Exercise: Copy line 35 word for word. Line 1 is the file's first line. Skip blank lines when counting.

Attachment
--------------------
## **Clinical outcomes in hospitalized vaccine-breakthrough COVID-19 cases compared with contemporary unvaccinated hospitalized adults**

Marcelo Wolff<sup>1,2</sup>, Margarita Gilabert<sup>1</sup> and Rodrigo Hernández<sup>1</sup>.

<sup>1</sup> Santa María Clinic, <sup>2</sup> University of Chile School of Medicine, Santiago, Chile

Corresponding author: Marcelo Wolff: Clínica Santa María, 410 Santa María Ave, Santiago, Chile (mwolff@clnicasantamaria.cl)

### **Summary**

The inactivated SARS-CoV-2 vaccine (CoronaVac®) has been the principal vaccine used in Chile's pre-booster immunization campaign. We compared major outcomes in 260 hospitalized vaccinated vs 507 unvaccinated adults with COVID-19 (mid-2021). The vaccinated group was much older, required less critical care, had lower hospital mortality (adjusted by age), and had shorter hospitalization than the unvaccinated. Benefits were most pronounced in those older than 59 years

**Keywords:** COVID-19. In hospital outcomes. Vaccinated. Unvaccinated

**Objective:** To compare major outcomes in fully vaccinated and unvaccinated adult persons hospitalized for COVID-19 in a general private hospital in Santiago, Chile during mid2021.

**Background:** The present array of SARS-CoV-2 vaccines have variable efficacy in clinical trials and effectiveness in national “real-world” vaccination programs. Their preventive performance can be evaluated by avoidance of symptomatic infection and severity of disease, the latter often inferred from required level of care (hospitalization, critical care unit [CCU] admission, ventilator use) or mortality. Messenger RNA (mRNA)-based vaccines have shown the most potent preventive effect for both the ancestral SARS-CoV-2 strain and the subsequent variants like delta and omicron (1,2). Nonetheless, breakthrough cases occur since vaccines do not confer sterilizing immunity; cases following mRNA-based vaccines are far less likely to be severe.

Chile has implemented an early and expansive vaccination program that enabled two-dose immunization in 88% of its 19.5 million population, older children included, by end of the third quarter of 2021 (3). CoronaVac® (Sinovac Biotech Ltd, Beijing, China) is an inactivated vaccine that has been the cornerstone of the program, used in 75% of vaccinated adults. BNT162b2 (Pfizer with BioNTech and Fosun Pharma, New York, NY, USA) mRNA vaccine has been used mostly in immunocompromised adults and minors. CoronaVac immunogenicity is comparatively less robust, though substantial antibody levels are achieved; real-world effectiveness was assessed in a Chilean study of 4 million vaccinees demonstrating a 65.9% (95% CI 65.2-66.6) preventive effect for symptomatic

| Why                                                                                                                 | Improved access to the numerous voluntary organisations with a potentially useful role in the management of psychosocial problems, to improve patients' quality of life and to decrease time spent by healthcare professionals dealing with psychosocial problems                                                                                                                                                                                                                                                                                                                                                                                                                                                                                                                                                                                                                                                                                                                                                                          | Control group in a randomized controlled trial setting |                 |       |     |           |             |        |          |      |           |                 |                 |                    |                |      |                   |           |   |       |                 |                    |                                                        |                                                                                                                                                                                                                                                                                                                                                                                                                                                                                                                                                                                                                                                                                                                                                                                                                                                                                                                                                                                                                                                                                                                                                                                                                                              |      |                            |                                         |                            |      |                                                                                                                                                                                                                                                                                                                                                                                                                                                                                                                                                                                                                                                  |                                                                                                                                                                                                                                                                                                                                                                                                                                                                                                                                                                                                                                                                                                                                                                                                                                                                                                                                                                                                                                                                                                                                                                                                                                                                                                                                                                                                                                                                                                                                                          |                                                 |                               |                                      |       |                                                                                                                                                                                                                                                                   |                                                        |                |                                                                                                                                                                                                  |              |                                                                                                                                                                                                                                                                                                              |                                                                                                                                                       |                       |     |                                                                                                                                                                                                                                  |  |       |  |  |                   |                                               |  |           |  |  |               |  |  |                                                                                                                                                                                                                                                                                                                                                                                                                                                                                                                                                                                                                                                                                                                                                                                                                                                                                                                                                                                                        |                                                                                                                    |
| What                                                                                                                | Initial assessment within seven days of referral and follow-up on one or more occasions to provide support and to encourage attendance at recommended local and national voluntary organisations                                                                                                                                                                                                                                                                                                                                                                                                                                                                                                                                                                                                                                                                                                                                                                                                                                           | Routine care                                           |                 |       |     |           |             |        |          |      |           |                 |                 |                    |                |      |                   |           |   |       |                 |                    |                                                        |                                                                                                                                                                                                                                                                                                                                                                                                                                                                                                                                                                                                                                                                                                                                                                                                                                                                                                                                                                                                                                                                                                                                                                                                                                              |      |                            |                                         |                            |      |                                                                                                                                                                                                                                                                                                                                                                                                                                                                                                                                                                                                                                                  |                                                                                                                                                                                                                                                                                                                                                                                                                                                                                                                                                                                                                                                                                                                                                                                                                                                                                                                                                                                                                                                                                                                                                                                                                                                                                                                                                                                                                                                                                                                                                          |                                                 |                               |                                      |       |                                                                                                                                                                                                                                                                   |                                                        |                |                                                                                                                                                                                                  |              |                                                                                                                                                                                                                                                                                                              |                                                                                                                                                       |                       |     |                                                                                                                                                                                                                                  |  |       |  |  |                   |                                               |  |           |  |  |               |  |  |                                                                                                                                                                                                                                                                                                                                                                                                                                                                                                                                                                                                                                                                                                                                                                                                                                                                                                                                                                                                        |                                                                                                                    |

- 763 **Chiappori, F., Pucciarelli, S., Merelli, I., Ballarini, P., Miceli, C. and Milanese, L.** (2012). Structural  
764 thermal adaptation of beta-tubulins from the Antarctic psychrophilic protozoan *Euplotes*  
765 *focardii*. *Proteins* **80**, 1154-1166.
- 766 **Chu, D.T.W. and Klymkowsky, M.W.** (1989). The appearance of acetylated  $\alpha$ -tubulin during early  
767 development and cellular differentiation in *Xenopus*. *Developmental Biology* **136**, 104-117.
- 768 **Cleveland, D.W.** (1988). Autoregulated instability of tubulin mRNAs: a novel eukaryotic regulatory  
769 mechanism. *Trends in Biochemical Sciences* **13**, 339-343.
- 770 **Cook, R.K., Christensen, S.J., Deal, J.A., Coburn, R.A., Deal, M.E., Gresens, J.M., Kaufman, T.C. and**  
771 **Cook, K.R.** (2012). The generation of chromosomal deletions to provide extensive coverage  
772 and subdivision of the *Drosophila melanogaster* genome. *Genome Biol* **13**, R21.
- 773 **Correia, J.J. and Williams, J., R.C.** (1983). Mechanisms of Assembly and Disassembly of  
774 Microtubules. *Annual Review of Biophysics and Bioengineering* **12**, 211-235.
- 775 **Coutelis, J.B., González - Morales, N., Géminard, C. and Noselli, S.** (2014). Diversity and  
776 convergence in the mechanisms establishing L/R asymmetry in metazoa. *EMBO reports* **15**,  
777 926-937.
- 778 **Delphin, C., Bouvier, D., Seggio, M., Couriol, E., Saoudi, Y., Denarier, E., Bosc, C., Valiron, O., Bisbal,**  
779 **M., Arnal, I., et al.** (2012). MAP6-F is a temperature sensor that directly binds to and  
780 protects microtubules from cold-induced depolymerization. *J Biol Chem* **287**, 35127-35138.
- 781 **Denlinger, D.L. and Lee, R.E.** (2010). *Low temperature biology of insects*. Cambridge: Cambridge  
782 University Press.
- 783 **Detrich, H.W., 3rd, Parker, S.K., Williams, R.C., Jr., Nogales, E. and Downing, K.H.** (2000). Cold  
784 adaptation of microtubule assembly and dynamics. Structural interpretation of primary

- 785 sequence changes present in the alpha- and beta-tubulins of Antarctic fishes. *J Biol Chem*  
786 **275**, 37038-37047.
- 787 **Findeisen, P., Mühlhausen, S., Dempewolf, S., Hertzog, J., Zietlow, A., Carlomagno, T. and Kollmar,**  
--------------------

- 785 sequence changes present in the alpha- and beta-tubulins of Antarctic fishes. *J Biol Chem*  